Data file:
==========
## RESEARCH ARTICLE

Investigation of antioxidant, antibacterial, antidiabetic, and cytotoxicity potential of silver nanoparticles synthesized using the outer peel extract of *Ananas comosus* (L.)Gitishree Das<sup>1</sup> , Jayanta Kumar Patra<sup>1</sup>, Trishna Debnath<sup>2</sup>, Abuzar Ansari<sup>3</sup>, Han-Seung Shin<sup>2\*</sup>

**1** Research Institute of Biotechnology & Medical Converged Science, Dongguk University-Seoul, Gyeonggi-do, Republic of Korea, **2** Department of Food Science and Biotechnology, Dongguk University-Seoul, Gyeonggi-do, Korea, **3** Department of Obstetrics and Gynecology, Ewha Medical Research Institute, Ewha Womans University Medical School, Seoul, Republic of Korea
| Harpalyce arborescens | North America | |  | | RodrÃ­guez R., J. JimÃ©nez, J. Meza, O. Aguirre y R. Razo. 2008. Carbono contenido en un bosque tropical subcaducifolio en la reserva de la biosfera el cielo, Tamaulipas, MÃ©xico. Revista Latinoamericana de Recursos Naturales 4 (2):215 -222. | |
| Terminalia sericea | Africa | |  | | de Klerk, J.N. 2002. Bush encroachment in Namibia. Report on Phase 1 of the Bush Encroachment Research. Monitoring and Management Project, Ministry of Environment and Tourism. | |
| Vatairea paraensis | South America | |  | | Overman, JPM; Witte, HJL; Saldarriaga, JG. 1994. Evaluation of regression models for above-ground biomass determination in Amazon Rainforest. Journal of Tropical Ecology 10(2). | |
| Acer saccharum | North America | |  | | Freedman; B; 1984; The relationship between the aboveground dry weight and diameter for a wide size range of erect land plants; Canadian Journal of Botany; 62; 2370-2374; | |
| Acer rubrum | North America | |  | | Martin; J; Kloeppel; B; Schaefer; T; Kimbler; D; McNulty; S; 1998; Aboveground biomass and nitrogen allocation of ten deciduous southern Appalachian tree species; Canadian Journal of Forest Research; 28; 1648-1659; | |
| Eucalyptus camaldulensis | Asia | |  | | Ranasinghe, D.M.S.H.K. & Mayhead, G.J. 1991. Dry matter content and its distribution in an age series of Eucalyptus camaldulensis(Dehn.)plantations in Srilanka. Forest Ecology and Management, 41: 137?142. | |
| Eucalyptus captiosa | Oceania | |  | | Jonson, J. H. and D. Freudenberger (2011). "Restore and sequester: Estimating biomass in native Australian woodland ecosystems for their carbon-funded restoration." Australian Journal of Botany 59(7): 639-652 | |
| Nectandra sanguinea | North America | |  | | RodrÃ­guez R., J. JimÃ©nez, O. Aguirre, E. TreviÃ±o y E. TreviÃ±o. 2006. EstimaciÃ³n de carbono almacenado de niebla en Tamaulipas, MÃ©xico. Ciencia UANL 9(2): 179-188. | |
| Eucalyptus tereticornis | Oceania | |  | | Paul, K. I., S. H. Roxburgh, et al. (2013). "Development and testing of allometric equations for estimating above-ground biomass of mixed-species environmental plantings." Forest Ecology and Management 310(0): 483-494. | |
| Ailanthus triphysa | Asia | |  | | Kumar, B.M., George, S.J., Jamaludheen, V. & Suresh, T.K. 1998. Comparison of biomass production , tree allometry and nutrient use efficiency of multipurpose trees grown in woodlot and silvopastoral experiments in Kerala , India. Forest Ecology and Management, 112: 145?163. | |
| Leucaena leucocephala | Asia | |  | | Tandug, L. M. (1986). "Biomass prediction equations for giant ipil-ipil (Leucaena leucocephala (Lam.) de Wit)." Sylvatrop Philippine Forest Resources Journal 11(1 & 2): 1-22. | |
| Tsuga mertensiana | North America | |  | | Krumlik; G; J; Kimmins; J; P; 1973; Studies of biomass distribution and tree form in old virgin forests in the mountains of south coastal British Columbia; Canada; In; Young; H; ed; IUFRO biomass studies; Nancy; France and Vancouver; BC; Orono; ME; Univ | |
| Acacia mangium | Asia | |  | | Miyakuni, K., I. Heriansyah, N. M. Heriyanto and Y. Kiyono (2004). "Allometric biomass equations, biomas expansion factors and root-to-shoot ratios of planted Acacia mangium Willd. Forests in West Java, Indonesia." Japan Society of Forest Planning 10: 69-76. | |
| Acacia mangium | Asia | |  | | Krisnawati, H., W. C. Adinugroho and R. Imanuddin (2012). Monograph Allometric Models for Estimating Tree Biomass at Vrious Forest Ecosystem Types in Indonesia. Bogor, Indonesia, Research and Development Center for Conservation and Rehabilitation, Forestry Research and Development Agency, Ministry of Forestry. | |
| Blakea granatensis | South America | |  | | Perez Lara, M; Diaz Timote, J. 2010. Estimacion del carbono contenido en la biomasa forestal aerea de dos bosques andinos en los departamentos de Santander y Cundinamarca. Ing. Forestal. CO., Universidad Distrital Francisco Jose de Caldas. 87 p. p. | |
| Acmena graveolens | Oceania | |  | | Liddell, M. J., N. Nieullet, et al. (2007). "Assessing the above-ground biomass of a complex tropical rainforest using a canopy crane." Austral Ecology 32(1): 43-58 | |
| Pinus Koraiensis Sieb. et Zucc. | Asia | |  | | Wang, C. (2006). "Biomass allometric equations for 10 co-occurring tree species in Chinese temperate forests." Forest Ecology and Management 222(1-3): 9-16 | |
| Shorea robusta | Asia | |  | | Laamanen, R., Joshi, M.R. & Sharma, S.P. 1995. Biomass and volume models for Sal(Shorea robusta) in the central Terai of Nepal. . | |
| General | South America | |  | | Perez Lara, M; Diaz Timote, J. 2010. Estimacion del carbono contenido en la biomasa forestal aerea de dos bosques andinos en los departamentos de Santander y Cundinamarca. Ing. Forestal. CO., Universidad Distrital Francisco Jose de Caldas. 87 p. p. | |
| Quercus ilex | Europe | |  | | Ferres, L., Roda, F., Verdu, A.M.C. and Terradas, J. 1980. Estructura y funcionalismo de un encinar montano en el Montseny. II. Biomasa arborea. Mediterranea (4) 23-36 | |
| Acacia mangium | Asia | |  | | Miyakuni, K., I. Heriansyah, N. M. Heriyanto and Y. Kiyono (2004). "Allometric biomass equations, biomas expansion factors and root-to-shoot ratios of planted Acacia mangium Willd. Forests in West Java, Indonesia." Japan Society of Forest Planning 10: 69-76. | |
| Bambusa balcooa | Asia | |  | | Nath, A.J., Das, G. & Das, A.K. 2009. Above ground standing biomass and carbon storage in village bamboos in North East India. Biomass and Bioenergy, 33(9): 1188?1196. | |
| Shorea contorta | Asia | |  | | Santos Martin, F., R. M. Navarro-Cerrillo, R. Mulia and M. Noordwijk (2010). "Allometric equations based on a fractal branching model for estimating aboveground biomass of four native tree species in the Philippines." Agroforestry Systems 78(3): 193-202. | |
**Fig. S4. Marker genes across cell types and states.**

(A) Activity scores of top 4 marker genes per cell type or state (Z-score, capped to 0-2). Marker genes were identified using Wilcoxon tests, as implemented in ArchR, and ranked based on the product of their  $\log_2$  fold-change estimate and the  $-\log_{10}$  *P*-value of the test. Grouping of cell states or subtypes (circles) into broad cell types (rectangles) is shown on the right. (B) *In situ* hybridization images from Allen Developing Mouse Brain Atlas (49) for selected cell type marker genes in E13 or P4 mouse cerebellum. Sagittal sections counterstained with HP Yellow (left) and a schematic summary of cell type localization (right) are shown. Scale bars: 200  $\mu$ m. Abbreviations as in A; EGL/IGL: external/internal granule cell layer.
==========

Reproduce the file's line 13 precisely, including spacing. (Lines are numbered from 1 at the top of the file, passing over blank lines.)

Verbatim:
| Ailanthus triphysa | Asia | |  | | Kumar, B.M., George, S.J., Jamaludheen, V. & Suresh, T.K. 1998. Comparison of biomass production , tree allometry and nutrient use efficiency of multipurpose trees grown in woodlot and silvopastoral experiments in Kerala , India. Forest Ecology and Management, 112: 145?163. | |